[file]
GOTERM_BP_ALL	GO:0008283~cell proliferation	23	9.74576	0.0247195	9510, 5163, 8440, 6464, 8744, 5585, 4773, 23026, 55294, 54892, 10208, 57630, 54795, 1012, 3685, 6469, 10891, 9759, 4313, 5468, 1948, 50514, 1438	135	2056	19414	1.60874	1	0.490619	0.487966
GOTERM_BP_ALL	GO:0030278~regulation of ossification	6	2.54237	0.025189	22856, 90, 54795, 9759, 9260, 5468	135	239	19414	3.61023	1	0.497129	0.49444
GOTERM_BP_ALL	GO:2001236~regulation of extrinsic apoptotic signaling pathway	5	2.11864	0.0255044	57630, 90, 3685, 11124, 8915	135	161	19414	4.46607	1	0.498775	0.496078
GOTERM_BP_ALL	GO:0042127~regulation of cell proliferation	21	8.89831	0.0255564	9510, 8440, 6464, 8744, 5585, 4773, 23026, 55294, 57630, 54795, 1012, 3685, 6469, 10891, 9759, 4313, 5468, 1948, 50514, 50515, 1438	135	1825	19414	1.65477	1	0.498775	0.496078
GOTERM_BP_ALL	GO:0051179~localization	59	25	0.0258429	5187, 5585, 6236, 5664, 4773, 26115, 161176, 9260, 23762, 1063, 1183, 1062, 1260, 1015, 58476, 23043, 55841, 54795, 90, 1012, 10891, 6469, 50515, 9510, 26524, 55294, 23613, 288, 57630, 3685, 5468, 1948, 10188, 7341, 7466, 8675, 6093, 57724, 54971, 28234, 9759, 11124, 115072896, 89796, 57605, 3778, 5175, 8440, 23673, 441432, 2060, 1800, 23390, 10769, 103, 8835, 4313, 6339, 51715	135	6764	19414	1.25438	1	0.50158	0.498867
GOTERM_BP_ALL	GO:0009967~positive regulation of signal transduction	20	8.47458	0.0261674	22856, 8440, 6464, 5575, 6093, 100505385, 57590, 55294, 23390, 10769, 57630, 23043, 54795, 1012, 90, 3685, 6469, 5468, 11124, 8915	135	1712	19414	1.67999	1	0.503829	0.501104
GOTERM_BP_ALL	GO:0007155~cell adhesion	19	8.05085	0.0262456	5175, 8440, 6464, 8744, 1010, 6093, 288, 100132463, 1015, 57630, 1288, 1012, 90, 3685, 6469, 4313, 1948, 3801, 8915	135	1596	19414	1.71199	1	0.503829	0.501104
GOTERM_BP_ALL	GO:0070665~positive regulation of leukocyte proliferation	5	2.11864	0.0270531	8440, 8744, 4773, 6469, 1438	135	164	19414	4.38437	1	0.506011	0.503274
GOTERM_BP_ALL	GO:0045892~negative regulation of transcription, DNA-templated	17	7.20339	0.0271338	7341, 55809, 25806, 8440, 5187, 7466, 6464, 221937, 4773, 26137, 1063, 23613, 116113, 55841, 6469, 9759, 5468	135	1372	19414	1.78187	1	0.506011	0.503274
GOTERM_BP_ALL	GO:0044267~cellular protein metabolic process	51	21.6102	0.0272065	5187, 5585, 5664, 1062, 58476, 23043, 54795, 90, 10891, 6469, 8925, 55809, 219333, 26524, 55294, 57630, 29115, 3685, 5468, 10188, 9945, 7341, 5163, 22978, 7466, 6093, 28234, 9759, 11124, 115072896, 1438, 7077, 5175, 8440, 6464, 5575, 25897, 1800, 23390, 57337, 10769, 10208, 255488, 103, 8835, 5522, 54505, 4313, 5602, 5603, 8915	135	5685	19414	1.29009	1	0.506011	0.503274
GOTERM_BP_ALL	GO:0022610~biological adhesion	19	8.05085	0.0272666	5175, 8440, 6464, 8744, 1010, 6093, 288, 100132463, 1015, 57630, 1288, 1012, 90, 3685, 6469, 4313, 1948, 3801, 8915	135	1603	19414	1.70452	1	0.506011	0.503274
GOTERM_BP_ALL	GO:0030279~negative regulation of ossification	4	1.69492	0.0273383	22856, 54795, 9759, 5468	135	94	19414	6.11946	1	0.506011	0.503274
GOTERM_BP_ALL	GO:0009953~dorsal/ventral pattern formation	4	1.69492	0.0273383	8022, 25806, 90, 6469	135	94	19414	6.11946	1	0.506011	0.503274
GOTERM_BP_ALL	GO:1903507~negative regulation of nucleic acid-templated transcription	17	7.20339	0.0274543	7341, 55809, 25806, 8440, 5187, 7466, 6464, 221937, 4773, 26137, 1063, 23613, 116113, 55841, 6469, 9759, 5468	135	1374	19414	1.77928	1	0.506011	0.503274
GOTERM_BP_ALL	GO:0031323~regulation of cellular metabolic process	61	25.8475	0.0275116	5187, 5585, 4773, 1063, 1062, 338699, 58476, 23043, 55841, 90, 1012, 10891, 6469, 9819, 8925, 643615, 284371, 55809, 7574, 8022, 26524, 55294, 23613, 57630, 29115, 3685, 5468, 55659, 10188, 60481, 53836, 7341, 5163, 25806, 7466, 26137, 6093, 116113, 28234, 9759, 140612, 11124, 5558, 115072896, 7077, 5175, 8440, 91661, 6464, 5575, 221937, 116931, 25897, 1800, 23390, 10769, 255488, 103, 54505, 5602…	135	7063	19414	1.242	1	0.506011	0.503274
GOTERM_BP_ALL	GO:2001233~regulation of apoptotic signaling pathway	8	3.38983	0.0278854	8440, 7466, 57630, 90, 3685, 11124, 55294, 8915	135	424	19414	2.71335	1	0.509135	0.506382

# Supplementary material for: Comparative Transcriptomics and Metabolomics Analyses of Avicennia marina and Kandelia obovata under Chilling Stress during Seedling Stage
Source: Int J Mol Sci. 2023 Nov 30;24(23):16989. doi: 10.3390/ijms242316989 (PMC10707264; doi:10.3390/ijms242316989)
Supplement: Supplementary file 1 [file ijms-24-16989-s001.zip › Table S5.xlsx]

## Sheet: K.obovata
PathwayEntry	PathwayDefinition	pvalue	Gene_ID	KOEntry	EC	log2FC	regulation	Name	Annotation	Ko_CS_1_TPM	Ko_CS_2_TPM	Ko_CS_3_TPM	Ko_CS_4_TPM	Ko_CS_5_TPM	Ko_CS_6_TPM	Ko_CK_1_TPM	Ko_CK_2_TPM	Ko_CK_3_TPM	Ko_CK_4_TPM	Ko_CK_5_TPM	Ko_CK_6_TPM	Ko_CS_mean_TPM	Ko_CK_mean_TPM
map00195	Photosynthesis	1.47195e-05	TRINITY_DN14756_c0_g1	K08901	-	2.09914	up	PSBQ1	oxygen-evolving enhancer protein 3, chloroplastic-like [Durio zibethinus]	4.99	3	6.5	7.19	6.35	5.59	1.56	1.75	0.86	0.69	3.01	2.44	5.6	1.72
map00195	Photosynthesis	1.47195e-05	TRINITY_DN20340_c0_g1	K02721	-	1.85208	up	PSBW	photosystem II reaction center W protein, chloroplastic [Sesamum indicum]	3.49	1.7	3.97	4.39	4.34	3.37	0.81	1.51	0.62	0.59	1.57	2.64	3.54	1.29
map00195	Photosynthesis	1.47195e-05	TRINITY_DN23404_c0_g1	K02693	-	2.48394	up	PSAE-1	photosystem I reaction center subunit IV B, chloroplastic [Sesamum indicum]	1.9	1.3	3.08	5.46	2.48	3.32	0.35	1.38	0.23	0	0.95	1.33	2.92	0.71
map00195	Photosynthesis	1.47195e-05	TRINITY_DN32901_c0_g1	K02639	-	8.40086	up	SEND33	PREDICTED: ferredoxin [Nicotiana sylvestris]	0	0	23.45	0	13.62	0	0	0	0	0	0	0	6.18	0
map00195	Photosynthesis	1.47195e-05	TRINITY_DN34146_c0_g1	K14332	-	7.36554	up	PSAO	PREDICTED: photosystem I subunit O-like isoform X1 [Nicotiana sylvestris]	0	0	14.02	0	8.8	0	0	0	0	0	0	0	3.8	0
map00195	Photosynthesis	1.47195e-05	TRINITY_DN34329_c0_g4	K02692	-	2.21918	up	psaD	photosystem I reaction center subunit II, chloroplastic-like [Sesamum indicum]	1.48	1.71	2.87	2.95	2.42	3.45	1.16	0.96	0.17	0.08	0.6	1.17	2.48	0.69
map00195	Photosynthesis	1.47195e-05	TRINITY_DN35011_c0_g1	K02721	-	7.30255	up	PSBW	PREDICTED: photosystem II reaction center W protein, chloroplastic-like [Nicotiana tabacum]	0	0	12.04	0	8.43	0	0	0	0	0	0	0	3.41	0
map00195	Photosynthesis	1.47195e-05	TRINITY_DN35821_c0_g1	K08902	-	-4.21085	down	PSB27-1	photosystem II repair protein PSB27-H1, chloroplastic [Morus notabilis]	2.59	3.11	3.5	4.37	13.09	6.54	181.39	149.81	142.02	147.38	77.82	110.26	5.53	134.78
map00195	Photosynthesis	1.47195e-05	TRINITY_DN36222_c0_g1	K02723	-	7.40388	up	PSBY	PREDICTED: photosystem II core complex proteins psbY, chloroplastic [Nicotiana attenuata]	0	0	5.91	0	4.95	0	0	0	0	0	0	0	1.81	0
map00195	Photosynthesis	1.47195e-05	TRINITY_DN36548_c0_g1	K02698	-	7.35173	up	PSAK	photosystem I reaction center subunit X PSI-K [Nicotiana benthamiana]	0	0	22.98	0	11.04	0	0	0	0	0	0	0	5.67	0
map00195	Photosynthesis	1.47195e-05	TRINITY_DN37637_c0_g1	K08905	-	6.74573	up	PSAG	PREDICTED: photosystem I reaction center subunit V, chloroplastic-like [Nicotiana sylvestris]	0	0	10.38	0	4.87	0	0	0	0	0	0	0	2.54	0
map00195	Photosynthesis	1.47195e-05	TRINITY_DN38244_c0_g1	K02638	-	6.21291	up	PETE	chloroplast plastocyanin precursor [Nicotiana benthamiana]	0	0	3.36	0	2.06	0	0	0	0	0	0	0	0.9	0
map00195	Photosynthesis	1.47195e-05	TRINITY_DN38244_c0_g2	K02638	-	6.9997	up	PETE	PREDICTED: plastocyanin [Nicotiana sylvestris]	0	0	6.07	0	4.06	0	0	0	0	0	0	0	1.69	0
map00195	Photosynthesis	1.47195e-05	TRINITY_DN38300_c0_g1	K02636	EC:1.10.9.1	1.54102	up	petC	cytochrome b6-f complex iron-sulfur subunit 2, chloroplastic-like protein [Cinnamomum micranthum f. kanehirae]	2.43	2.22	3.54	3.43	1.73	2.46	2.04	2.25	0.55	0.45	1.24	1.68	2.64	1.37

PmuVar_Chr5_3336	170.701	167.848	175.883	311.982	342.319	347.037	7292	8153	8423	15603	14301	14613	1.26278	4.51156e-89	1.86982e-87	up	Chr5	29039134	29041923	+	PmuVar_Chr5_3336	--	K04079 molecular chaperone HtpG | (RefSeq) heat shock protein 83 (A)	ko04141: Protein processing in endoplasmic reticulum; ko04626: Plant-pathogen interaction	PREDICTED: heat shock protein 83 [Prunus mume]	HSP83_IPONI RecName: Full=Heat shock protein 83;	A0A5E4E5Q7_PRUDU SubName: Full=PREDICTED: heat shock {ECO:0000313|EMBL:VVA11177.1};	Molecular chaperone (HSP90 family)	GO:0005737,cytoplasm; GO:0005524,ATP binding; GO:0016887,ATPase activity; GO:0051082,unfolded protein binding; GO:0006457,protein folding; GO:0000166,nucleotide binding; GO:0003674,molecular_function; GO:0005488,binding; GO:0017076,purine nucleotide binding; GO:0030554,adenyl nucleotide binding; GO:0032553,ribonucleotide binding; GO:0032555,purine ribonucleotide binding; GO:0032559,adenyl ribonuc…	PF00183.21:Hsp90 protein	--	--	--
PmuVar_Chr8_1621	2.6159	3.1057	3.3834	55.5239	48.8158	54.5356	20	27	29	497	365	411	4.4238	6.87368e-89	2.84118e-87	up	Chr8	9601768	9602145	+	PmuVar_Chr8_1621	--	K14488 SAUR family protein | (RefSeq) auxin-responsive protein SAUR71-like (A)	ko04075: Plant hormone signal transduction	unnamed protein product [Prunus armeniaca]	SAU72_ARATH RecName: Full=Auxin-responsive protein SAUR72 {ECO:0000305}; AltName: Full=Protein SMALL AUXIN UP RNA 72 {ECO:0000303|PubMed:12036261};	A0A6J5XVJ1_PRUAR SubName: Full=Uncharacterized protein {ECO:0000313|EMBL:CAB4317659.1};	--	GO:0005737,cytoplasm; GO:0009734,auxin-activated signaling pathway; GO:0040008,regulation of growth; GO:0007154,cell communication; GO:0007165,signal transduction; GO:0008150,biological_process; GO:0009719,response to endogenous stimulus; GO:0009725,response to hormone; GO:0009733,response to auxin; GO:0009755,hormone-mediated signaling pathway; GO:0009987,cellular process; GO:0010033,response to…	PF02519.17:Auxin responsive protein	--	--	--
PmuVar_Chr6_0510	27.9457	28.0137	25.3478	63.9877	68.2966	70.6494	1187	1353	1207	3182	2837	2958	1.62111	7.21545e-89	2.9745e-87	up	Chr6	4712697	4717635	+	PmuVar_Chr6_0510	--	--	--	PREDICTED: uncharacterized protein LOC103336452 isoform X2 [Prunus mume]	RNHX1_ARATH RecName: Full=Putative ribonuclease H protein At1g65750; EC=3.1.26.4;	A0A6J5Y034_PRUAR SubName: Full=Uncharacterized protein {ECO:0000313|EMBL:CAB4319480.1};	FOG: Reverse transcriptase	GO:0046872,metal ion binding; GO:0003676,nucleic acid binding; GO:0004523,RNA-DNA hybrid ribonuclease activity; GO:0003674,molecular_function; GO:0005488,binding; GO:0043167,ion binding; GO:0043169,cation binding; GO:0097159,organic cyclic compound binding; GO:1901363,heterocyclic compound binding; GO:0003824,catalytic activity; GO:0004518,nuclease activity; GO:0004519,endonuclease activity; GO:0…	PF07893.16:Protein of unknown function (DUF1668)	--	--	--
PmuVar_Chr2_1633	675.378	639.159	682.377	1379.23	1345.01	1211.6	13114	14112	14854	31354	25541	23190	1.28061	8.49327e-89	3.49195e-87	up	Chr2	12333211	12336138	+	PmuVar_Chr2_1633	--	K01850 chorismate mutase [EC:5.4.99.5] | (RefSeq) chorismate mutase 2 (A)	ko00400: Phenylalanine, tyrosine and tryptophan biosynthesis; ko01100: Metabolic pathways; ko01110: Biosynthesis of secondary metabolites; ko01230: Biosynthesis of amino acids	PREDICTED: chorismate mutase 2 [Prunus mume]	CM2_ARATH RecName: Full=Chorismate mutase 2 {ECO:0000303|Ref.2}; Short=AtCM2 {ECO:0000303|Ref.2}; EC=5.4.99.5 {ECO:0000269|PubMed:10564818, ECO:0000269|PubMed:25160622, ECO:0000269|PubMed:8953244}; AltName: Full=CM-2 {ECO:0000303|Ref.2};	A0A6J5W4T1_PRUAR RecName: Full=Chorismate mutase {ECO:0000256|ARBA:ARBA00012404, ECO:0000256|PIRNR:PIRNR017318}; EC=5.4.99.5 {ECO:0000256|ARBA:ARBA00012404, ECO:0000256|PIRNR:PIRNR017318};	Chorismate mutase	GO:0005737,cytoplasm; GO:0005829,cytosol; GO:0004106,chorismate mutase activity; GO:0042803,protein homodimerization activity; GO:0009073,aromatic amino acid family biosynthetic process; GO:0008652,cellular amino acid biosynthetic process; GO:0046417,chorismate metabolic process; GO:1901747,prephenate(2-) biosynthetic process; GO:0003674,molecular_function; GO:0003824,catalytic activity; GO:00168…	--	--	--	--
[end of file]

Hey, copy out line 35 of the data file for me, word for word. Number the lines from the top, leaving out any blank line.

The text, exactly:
map00195	Photosynthesis	1.47195e-05	TRINITY_DN38300_c0_g1	K02636	EC:1.10.9.1	1.54102	up	petC	cytochrome b6-f complex iron-sulfur subunit 2, chloroplastic-like protein [Cinnamomum micranthum f. kanehirae]	2.43	2.22	3.54	3.43	1.73	2.46	2.04	2.25	0.55	0.45	1.24	1.68	2.64	1.37